Europe’s GDPR, a major step forward in data protection, could turn into identity thieves' heaven, due to poor implementation and little social engineering.
James Pavur, a Ph.D. student at Oxford University, explained in a presentation at the Black Hat security conference held in Las Vegas how he was able to hack the GDPR system to access all sorts of sensitive information, including credit card and social security numbers – in this case of his fiancée.
“Privacy laws, like any other infosecurity control, have exploitable vulnerabilities,” he said. “If we'd look at these vulnerabilities before the law was enacted, we could pick up on them.”
James Pavur started his research thanks to a delayed flight. He and his girlfriend were waiting in the departure lounge of a Polish airport and joked about spamming the airline with GDPR requests, in retaliation to its delay. They ultimately didn’t put their plan in practice, but the joke sparked the idea of probing the GDPR system in search of information, and Pavur’s girlfriend accepted to be the subject for the experiment.
For two months, Pavur sent 150 GDPR requests in his girlfriend's name, asking for all data available on her. In total, 72 percent of companies replied, with 83 companies stating that they had information on her.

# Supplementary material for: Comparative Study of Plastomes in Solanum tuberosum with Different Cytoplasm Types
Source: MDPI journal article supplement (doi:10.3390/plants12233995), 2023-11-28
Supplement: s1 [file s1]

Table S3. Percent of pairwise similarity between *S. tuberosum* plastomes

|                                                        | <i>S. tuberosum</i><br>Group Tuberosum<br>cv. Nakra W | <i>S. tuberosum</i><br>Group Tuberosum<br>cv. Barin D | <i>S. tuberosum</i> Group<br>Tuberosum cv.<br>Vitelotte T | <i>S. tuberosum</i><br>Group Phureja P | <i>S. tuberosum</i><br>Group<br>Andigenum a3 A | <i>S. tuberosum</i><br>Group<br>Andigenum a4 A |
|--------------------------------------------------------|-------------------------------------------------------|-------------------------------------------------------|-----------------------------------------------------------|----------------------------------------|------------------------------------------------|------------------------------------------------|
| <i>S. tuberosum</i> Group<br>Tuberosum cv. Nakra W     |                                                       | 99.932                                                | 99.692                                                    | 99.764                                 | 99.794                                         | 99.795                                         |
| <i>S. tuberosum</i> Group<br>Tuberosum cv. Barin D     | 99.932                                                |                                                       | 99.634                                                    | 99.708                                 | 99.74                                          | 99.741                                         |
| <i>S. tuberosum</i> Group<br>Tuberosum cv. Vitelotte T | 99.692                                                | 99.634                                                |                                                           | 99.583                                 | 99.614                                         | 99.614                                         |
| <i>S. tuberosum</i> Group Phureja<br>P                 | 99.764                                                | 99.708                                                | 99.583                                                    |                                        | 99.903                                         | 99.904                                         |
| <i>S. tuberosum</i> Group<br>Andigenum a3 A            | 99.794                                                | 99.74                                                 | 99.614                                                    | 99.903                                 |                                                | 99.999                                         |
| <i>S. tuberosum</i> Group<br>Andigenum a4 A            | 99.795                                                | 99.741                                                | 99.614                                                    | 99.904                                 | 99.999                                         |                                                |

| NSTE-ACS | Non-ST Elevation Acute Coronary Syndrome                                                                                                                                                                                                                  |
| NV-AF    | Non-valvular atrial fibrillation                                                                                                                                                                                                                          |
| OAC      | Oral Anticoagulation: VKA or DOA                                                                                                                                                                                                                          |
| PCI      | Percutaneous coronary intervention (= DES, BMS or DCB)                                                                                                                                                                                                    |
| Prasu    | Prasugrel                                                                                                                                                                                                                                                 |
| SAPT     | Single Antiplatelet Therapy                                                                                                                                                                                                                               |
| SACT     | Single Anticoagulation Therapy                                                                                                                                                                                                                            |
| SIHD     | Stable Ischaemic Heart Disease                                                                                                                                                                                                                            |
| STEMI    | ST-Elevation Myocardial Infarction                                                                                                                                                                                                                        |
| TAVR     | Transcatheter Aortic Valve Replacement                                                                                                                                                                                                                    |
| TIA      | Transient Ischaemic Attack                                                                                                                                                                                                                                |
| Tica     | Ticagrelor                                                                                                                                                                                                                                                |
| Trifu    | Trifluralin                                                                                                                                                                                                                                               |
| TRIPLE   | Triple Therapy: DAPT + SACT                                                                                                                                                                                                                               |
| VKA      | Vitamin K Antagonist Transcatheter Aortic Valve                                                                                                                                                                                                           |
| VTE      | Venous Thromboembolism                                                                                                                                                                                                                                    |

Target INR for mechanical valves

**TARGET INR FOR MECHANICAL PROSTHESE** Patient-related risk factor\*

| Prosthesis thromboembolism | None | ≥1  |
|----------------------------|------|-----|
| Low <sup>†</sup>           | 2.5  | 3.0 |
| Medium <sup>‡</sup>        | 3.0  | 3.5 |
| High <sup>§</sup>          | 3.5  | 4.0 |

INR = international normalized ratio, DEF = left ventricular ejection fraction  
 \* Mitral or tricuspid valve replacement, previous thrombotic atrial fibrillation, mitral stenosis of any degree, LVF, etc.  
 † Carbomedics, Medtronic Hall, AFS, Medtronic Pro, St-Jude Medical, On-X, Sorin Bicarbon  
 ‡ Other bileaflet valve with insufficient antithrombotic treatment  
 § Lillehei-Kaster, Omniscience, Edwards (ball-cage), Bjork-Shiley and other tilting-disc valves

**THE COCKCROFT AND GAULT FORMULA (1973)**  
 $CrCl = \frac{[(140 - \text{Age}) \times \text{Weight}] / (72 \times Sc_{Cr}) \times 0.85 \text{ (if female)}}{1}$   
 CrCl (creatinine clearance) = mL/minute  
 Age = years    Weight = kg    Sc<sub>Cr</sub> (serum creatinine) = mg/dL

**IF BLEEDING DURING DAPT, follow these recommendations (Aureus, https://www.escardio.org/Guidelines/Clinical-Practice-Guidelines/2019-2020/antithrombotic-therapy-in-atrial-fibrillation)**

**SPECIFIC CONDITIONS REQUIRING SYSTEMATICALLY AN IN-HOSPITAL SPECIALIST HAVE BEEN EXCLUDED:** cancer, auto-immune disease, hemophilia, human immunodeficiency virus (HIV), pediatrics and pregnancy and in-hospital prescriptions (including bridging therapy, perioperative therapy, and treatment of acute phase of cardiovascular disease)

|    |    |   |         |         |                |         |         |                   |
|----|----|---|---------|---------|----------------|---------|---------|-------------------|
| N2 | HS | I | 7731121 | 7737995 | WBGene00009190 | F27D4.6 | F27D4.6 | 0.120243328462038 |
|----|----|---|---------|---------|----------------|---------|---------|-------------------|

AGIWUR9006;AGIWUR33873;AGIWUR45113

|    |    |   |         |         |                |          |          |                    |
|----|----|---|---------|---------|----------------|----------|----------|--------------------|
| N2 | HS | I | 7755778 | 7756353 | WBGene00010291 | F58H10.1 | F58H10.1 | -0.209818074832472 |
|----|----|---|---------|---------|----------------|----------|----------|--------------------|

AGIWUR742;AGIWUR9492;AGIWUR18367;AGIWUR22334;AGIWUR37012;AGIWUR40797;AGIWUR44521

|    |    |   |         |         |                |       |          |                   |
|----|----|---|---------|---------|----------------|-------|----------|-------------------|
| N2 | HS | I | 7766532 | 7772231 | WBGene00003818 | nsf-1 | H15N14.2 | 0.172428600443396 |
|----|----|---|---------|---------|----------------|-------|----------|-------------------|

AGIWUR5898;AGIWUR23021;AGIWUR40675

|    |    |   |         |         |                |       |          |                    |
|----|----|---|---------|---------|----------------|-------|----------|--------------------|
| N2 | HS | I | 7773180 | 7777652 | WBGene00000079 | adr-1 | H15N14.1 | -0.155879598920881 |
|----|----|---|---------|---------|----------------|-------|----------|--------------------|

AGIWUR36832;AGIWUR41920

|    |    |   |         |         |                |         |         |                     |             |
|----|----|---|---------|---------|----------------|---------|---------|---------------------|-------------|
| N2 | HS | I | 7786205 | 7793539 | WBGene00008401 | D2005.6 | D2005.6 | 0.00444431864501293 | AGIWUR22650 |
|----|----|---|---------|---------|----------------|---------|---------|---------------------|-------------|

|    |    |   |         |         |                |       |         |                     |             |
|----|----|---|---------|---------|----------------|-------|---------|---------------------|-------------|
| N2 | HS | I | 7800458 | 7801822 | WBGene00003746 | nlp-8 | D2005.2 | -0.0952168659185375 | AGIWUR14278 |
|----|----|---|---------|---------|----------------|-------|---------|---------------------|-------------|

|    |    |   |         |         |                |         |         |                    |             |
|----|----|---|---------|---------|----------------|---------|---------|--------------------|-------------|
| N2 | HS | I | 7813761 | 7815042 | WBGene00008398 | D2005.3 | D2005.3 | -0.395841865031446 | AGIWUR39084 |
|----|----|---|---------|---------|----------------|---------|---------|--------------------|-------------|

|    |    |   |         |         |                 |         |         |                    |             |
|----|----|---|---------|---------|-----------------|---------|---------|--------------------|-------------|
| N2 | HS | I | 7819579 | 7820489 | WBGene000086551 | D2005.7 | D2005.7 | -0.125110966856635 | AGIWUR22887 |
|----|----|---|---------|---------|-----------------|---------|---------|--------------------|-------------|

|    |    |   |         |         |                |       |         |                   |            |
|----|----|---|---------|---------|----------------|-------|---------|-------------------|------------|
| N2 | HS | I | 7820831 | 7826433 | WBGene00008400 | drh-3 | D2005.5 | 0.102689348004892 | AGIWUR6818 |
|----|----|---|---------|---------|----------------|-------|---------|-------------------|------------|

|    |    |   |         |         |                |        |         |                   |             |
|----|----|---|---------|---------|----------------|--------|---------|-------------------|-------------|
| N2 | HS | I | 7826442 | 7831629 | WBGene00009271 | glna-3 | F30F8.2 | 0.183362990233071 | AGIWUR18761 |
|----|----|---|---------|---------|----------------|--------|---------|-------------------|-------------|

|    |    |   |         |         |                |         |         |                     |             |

5 percent of responses, mainly coming from large US companies, declined any liability to GDPR rules.
Disturbingly, 24 percent of the responders accepted a simple email address and phone number as proof of identity and sent over any information they had on the person. 16 percent required just some additional ID information, while 3 percent decided to go the hard way and deleted the person’s account.
Several companies asked for her account credentials as proof of identity which, according to Pavur, is quite a good strategy. But in some cases, companies would still send the information, for example when the user claims to have lost the credentials.
The quantity and quality of the information sent by the companies are disturbing. An educational software sent the social security number, the date of birth, and mother’s maiden name of Pavur’s girlfriend. Another company sent over 10 digits of her credit card number, its expiry date and card type, and her zip code.
“An organization she had never heard of, and never interacted with, had some of the most sensitive data about her,” Pavur said. “GDPR provided a pretext for anyone in the world to collect that information.”
Pavur suggested that the solution to this issue has to come from both legislators and companies.
On one side, lawmakers need to regulate and establish a legitimate standard of ID proof for GDPR requests. And companies should refrain from sending information when unable to properly verify IDs, at the cost of ending up in court.